of “No taxation without representation”.
What will the machines, or the capitalists
that own them, demand in return
for paying the bulk of all taxes in the world?
It’s pretty clear that we have a lot of ethical
that we need to answer in the coming decades.
The most important of these ethical questions
“What does this all mean for humanity?”
What is our purpose in a world where machines
do all the work of real economic value?
Does this technology set us free?
Or does humanity eventually become obsolete?
How do you use AI responsibly and ethically?
What should you be doing today to ensure that
we don’t misuse our new AI superpowers?
First, start asking the
difficult questions now.
If you haven’t spent any time thinking about
any of the ethical questions I just posed,
then you’re probably not prepared for what
is rapidly approaching.
You don’t need to spend all day philosophizing
about the legal, ethical, and political implications of AI.
We’ll leave that up to the lawyers,
philosophers, and politicians.
However, you do need to be thinking about
what your core values are
and whether they agree with or conflict with
these new AI-created dilemmas.
Each of us needs to know where we stand on
these key issues
before they take us by surprise.
Second, avoid bias in your AI models.
It’s very easy to accidentally (or intentionally)
create bias in your AI models.
If you train a model with biased data, you
get biased results.
As the old saying goes:
Garbage in, garbage out.
This creates feedback loops that
can reinforce and amplify
existing socio-economic divisions in our society.
This will be especially true when these algorithms
begin to impact the lives of millions of people.
Third, provide transparency in your AI models.
If you automate a decision with AI,
you should make the decision-making process
as transparent as possible.
If AI becomes a “magic black box” that cannot
then how can anyone get any recourse when
it makes an incorrect decision.
As a result, I recommend that you always use
the simplest AI tool
that effectively solves a given problem.
Don’t use a complex deep neural network
if a simple decision-tree classifier will suffice.
And when possible, use explainable AI tools.
Explainable AI provides diagnostic explanations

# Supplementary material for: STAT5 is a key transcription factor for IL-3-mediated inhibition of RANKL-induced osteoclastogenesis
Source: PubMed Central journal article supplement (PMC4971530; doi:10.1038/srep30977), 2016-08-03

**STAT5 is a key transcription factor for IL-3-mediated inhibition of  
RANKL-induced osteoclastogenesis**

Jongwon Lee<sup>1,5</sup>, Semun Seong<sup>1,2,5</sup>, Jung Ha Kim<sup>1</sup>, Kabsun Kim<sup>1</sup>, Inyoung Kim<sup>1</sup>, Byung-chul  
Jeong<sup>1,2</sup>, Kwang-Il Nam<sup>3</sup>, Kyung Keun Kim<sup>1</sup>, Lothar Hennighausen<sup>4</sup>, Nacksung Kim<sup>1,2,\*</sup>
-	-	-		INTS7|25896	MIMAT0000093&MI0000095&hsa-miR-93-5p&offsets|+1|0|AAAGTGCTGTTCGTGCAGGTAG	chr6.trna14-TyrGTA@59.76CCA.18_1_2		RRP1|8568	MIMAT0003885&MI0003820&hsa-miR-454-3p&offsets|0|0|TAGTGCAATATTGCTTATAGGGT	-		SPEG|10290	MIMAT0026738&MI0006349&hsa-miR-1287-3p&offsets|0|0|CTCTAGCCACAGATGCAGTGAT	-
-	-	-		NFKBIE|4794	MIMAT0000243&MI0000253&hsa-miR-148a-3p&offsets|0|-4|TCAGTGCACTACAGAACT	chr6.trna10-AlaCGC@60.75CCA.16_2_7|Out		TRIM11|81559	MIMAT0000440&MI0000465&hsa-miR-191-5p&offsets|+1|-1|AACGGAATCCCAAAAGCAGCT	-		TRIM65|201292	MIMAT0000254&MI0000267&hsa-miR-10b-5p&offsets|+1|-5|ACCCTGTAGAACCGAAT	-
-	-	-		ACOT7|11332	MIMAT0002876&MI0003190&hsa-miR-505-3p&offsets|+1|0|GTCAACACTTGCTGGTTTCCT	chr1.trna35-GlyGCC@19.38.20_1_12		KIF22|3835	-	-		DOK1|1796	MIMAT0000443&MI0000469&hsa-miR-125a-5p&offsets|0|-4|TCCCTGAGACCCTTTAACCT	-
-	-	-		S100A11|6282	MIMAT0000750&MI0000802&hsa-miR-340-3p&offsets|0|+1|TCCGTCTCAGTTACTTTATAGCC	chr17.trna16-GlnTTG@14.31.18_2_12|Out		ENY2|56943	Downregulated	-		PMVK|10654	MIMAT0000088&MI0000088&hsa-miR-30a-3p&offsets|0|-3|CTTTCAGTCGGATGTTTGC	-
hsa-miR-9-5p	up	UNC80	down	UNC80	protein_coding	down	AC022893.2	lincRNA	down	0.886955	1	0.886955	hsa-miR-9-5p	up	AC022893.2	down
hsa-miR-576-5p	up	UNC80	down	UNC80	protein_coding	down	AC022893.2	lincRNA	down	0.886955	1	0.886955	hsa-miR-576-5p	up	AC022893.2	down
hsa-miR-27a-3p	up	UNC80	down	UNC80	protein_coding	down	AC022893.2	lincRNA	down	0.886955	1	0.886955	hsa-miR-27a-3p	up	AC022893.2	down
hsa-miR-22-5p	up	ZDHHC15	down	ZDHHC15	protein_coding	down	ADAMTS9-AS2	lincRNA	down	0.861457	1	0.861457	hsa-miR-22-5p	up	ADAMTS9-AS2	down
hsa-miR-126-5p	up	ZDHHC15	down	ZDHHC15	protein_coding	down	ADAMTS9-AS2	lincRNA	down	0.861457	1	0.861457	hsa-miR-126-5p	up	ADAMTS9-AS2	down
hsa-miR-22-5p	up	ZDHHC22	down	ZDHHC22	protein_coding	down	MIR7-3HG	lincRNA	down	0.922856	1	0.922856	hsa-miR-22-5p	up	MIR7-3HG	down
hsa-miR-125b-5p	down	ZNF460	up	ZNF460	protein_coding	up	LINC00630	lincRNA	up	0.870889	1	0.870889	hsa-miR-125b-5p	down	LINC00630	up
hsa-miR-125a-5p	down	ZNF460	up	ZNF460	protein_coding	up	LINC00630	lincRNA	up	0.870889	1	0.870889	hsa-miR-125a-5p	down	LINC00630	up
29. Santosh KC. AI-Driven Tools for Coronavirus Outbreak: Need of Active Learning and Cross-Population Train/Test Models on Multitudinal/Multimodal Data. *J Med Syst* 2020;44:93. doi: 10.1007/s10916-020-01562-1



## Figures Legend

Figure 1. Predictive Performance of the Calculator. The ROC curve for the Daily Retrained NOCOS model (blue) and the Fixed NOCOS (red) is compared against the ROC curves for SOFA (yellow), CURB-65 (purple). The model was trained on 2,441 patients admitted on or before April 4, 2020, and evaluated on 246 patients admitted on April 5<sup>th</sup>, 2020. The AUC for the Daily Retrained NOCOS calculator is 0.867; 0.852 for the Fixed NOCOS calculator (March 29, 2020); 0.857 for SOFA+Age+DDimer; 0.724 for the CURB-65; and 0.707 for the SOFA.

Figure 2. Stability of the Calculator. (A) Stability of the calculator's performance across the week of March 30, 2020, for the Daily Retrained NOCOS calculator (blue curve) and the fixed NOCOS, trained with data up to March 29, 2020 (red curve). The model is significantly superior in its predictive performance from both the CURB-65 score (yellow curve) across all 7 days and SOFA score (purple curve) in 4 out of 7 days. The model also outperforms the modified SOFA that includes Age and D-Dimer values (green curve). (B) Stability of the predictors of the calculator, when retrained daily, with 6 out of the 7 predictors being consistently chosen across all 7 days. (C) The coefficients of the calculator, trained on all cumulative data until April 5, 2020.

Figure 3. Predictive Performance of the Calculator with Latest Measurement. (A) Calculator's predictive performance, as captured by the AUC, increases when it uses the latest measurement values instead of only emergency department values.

for how and why a specific decision was made.
Ultimately, ask yourself, could you explain
to a judge
how this AI model made it’s decisions?
If you can’t explain it, or the judge wouldn’t
be able to understand your answer,
then it’s not transparent.
Fourth, protect your private data from abuse.
If people knew what I could do with their
personal data and the right algorithm,
they’d probably be much more cautious.
However, the general public is currently quite
a few steps behind data scientists in this domain.
Think about what data you are willing
to make public
and protect everything that you want
to remain private.
Only entrust your personal data to organizations
that you trust
can-and-will protect your privacy.
Finally, demand more from our leaders.
We have several AI-related legal, ethical,
and social issues
that we need to address in the very near future.
Unfortunately, many of our politicians have
very little understanding of AI
and thus are unable to make effective
You need to choose representatives
that understand AI
and how it can be either a benefit or a detriment
to our future society.
In addition, we need to choose the best corporations
to lead our society in the right direction.
You vote for these corporations every time
you spend your money on their products and services.
Vote for them with your dollars and hold them
accountable if and when they fail us.
To recap our fourth recommendation:
use AI responsibly and ethically.
Start asking the difficult questions now,
avoid bias in your AI models,
provide transparency with your models’ predictions,
protect your private data from abuse,
and demand more from our leaders.